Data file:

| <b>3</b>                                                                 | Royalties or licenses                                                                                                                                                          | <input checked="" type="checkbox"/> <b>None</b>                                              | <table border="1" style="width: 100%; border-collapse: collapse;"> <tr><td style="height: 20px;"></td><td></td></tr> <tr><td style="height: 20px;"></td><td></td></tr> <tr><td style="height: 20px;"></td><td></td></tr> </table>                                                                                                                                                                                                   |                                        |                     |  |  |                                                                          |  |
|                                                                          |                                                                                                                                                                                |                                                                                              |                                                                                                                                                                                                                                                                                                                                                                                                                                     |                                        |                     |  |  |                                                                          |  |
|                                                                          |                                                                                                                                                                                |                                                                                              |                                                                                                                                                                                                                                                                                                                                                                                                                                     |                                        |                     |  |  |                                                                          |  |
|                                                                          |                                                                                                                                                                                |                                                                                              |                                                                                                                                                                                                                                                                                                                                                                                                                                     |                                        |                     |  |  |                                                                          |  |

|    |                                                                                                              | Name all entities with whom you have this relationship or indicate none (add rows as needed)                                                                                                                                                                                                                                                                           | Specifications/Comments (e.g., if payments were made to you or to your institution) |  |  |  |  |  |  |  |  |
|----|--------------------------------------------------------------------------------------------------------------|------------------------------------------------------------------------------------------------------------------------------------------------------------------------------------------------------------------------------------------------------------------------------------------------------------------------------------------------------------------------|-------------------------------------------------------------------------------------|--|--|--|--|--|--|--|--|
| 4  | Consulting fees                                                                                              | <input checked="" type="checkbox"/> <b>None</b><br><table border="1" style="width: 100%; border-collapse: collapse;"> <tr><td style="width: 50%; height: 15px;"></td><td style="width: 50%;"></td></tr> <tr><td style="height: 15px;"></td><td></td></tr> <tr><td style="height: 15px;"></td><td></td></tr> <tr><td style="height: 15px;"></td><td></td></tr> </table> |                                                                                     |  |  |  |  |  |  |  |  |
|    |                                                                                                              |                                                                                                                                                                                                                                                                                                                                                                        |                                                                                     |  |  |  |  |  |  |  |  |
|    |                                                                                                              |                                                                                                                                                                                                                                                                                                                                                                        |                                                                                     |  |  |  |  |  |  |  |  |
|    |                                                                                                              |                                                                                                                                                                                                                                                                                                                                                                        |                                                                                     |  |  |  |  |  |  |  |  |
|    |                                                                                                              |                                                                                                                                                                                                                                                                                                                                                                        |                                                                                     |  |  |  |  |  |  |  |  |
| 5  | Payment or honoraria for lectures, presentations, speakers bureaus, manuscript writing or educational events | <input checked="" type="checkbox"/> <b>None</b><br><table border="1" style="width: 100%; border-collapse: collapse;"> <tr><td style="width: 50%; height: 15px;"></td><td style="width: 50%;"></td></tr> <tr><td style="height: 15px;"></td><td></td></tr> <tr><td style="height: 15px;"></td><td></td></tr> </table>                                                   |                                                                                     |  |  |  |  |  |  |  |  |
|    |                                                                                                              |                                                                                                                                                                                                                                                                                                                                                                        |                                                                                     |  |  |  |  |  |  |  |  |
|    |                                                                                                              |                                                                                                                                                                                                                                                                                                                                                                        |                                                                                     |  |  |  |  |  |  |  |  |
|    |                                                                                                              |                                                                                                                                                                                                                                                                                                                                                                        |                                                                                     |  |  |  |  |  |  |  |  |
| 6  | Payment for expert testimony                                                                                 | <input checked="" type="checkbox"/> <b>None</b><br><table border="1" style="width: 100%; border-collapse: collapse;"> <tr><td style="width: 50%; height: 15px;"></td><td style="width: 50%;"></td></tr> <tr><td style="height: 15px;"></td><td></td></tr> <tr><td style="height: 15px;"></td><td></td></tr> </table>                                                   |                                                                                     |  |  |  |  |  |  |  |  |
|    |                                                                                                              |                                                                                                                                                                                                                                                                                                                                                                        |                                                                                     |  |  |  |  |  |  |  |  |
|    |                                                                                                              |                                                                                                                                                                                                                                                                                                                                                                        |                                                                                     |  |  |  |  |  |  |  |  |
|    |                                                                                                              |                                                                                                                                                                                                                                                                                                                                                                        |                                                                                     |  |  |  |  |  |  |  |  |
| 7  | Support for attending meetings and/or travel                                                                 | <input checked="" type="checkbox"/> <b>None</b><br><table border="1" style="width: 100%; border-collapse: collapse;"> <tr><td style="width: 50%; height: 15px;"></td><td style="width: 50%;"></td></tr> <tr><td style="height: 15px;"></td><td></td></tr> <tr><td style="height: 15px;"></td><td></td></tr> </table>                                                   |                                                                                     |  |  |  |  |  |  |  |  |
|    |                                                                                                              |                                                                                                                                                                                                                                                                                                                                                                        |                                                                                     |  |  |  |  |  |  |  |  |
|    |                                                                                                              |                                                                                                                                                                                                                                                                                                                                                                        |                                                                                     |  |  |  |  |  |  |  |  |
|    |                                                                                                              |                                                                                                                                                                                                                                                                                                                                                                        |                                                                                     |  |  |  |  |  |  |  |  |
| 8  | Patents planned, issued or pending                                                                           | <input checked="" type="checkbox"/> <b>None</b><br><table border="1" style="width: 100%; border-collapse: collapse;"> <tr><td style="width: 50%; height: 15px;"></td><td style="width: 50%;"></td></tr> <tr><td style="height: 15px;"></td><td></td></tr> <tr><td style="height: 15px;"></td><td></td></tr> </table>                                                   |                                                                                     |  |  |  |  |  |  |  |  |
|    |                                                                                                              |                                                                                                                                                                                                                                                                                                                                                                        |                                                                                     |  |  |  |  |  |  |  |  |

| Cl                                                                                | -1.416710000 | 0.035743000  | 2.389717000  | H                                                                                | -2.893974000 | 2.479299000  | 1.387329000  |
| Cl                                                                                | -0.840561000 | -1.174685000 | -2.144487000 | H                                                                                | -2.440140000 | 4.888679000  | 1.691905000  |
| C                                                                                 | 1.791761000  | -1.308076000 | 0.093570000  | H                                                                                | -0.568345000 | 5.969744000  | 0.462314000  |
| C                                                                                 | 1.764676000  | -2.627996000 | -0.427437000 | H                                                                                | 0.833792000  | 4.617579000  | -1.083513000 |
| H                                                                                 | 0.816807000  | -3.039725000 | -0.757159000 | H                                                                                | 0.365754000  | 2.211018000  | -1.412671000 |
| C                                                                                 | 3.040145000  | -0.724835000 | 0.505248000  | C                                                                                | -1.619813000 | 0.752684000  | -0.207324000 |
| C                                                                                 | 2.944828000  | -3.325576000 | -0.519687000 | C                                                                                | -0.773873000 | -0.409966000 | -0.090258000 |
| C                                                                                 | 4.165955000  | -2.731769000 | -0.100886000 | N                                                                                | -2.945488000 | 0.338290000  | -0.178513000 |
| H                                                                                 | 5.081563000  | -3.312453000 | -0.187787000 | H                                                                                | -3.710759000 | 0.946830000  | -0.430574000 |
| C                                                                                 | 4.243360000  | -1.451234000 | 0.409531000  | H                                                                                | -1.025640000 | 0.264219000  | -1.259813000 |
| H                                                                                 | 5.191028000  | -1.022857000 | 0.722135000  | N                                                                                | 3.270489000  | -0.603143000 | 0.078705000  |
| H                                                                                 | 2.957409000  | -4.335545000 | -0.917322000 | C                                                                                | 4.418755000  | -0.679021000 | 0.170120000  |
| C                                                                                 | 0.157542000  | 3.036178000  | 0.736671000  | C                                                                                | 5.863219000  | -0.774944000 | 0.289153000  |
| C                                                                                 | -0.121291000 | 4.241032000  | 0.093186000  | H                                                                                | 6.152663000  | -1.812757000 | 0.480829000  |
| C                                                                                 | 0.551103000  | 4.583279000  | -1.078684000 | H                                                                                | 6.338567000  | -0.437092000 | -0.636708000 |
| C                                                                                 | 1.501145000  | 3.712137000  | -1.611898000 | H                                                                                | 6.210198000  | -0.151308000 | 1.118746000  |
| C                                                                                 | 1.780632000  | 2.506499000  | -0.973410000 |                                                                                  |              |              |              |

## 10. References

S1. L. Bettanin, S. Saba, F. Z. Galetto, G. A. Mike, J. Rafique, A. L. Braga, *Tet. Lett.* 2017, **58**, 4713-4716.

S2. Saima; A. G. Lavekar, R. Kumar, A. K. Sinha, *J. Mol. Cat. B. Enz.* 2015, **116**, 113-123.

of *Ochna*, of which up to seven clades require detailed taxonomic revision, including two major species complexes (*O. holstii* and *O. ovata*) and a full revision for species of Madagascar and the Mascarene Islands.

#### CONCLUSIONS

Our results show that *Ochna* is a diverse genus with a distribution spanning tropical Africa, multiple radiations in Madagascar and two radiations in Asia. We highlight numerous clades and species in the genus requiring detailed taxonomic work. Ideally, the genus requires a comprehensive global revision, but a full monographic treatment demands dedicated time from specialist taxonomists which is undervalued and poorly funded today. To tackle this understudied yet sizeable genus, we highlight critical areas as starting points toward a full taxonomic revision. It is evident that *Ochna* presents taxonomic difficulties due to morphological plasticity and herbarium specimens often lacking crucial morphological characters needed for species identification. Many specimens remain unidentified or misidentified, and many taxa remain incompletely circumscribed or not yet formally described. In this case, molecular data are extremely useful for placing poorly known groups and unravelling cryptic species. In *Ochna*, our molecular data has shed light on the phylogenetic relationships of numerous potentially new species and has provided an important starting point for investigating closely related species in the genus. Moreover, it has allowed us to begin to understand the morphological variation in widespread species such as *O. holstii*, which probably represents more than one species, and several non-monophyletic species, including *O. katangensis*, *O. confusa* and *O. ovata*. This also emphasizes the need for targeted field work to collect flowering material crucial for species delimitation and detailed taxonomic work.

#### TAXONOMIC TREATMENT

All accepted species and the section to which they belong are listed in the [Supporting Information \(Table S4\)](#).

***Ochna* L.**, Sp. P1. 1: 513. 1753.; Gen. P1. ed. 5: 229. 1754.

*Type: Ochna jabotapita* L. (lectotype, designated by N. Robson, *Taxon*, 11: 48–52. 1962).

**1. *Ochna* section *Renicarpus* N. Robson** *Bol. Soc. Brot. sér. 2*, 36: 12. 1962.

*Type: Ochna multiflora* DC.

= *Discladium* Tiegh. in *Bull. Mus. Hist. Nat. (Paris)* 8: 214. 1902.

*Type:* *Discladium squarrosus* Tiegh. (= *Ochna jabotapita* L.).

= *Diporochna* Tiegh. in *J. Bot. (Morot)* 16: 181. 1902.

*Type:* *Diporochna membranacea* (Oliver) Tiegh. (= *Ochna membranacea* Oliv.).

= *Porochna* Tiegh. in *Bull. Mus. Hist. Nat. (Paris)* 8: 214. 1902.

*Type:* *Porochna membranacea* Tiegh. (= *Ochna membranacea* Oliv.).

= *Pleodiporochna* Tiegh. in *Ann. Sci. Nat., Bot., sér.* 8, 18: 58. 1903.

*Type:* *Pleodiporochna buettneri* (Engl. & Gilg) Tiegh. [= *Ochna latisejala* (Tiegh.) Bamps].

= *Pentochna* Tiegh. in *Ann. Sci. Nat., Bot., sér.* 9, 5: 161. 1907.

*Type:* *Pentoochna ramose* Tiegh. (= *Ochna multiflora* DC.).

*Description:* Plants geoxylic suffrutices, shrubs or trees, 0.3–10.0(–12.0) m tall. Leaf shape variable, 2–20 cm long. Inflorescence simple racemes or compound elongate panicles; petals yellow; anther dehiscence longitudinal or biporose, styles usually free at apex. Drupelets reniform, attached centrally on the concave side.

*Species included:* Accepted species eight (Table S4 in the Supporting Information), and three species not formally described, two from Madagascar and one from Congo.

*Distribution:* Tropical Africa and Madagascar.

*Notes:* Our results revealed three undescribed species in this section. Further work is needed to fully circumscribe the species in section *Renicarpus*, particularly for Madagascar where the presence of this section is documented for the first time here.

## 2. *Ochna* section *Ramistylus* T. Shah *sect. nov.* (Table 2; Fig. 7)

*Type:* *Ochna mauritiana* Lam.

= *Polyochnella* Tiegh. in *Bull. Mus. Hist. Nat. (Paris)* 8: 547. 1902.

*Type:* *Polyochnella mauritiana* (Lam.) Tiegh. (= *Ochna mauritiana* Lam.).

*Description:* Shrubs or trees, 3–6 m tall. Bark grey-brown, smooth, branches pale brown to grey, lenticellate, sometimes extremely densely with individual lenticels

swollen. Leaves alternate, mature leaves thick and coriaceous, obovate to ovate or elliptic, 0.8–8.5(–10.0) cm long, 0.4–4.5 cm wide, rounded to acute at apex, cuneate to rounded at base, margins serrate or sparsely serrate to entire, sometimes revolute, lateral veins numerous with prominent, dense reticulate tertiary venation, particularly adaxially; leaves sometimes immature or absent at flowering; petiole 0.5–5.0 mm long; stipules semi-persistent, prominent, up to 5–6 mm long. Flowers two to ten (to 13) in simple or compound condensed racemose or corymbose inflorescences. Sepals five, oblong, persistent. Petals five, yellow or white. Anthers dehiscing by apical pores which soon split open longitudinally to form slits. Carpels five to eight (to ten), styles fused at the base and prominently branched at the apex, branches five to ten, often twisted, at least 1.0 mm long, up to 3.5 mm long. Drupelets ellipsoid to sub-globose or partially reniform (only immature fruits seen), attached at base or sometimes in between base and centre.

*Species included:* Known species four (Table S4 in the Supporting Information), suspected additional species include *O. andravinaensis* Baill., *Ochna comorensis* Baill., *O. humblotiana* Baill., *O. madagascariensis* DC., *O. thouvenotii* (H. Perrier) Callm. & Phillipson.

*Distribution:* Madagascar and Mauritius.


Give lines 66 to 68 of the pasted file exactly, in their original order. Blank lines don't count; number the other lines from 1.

*Species included:* Accepted species eight (Table S4 in the Supporting Information), and three species not formally described, two from Madagascar and one from Congo.

*Distribution:* Tropical Africa and Madagascar.

*Notes:* Our results revealed three undescribed species in this section. Further work is needed to fully circumscribe the species in section *Renicarpus*, particularly for Madagascar where the presence of this section is documented for the first time here.